Economic costs of health inequalities in the European Union
- Correspondence to Professor Dr Johan P Mackenbach, Department of Public Health, University Medical Center Rotterdam, PO Box 2040, Rotterdam 3000CA, The Netherlands;
Contributors JM conceptualised the study and wrote the paper. AK and WJM carried out the analyses and contributed to the writing of the paper.
- Accepted 8 November 2010
- Published Online First 19 December 2010
Background In order to support the case for inter-sectoral policies to tackle health inequalities, the authors explored the economic costs of socioeconomic inequalities in health in the European Union (EU).
Methods Using recent data on inequalities in self-assessed health and mortality covering most of the EU, health losses due to socioeconomic inequalities in health were calculated by applying a counterfactual scenario in which the health of those with lower secondary education or lower (roughly 50% of the population) would be improved to the average level of health of those with at least higher secondary education. We then calculated various economic effects of those health losses: healthcare costs, costs of social security schemes, losses to Gross Domestic Product (GDP) through reduced labour productivity and the monetary value of total losses in welfare.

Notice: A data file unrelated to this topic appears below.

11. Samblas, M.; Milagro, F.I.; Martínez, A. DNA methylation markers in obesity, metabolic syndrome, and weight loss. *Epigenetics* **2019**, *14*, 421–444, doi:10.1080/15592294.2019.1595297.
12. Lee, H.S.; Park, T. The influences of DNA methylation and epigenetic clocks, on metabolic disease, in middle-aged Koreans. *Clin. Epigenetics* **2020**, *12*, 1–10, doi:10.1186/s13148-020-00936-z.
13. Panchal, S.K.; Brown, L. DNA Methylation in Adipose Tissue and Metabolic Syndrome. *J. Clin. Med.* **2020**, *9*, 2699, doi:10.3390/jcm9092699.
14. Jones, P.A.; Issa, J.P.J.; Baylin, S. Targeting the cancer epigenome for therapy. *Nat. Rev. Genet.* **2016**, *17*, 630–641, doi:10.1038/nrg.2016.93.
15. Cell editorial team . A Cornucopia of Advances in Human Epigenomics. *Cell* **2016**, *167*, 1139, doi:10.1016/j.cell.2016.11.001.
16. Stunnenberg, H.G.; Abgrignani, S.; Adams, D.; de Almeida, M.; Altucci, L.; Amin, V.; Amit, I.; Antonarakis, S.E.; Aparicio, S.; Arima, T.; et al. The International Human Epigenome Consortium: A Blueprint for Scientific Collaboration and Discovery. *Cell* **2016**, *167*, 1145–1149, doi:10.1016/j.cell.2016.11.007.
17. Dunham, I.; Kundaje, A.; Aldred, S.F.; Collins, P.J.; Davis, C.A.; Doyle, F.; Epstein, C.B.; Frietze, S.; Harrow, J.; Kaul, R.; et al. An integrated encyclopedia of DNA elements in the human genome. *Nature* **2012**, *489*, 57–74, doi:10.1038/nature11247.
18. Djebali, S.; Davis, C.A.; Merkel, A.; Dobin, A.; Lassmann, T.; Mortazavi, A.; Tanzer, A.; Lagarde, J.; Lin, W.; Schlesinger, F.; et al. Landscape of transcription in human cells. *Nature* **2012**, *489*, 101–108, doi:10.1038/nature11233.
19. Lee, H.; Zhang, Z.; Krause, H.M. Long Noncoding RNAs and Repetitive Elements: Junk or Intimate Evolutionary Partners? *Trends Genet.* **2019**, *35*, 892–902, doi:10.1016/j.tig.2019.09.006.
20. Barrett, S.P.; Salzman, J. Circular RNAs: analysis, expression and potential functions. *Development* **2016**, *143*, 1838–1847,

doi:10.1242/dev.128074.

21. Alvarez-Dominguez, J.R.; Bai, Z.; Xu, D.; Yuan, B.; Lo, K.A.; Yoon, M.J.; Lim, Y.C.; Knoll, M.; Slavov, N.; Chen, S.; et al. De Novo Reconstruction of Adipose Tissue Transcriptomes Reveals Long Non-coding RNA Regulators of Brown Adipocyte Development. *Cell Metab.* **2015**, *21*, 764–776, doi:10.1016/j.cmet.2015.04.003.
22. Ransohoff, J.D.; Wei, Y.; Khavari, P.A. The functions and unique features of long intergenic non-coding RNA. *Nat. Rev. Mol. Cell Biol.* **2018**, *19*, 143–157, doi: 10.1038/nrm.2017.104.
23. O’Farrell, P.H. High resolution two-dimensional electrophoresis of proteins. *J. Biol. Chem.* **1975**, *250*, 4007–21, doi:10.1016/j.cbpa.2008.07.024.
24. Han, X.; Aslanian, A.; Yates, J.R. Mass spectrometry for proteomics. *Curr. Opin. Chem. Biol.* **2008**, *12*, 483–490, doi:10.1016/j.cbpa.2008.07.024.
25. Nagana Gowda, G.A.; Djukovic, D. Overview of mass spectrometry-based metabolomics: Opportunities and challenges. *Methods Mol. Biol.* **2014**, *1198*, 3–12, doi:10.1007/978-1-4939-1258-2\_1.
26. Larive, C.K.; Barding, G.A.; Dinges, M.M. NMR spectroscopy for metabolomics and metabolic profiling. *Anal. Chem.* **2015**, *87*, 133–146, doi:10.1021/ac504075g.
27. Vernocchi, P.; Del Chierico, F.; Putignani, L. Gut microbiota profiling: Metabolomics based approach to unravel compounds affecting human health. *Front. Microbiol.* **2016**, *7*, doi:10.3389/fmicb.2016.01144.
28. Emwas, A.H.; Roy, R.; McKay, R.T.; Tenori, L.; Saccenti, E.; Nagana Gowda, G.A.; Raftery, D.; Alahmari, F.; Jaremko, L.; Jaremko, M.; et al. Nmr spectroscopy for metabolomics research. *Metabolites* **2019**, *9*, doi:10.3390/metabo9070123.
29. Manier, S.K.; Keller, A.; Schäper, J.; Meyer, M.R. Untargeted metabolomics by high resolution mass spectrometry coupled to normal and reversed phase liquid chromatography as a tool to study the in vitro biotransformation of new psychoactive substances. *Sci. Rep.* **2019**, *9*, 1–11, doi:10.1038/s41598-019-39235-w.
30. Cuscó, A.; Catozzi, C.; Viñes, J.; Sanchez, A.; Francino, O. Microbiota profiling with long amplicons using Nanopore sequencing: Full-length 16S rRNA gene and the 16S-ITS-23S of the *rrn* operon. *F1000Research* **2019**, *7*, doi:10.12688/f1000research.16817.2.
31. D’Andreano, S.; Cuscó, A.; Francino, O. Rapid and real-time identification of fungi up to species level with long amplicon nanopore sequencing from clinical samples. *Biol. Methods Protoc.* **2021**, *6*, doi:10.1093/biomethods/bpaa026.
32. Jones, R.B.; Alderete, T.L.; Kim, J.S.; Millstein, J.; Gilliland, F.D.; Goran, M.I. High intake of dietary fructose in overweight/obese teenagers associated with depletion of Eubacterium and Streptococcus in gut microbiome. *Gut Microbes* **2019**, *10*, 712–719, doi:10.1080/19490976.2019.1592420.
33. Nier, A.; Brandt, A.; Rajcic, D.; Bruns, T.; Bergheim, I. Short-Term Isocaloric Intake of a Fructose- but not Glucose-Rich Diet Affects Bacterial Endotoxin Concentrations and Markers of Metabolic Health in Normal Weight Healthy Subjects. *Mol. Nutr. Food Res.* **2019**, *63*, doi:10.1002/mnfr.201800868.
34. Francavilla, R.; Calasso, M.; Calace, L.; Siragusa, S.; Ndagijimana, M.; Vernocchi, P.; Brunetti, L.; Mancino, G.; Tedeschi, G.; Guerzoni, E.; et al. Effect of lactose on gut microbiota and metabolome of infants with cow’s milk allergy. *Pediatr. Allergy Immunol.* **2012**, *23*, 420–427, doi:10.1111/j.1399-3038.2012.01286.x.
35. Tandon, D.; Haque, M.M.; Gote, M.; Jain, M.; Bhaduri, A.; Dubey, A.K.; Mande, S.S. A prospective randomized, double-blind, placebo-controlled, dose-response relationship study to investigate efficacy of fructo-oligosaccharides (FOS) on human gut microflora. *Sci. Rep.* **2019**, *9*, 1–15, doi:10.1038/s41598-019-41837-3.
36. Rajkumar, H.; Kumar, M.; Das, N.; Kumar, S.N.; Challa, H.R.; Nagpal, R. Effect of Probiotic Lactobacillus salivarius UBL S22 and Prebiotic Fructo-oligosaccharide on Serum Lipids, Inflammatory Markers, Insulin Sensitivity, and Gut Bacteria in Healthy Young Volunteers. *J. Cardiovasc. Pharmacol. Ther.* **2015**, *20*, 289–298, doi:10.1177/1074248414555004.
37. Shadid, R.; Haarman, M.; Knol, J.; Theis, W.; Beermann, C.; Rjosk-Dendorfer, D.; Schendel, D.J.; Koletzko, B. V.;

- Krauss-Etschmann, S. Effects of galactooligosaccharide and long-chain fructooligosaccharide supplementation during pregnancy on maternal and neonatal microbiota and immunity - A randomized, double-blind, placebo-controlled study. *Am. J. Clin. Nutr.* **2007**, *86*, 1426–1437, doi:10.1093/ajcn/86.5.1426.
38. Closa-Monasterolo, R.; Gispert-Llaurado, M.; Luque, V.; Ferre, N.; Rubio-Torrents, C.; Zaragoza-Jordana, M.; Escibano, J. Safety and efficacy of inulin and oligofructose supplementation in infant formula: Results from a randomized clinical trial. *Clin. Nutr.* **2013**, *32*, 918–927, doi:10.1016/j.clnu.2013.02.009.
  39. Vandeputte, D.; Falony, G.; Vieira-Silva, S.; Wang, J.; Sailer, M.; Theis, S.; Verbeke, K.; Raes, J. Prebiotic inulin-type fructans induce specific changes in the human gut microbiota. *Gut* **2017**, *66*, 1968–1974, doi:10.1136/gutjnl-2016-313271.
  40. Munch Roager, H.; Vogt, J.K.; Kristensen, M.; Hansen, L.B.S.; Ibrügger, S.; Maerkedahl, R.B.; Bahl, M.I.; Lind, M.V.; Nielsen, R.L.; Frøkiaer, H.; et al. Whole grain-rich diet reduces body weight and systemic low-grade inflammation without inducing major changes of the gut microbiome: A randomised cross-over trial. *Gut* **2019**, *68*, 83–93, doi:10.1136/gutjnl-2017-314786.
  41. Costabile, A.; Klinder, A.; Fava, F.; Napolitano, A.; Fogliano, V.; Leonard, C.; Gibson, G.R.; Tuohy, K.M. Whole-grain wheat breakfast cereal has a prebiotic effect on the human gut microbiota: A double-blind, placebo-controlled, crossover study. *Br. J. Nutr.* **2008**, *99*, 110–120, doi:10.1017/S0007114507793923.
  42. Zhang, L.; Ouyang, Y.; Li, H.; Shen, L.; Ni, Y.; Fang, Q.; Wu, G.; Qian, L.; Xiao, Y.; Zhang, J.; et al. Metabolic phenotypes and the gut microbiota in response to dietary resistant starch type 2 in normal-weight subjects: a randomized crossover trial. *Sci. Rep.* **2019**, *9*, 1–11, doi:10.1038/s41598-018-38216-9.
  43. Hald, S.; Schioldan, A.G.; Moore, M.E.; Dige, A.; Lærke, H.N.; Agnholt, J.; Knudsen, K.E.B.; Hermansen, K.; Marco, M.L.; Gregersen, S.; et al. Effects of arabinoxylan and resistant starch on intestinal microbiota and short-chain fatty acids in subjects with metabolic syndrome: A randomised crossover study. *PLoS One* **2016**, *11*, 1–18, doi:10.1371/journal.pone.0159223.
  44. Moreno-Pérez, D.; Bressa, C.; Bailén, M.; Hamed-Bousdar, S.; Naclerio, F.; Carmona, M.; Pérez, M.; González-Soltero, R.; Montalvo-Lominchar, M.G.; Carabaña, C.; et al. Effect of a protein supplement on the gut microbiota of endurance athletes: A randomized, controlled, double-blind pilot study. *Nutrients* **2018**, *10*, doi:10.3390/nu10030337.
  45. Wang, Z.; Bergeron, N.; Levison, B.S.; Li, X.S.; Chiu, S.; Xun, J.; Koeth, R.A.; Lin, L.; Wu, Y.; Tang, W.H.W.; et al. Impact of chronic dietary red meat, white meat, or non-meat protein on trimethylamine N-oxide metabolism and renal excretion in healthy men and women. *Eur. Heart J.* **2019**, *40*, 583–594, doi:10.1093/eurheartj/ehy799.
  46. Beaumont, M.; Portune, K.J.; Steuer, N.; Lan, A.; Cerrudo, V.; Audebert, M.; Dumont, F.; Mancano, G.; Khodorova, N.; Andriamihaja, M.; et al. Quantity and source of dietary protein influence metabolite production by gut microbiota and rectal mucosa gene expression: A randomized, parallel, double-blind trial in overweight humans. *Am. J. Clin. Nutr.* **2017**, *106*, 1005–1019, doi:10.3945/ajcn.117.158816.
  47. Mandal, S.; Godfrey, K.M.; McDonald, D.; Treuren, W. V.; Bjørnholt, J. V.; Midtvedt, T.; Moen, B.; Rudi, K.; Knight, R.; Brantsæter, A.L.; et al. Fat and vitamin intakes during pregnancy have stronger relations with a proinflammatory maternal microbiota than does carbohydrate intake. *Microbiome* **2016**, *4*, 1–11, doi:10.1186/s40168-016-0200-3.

Results Inequality related losses to health amount to more than 700 000 deaths per year and 33 million prevalent cases of ill health in the EU as a whole. These losses account for 20% of the total costs of healthcare and 15% of the total costs of social security benefits. Inequality related losses to health reduce labour productivity and take 1.4% off GDP each year. The monetary value of health inequality related welfare losses is estimated to be €980 billion per year or 9.4% of GDP.
Conclusion Our results suggest that the economic costs of socioeconomic inequalities in health in Europe are substantial. As this is a first attempt at quantifying the economic implications of health inequalities, the estimates are surrounded by considerable uncertainty and further research is needed to reduce this. If our results are confirmed in further studies, the economic implications of health inequalities warrant significant investments in policies and interventions to reduce them.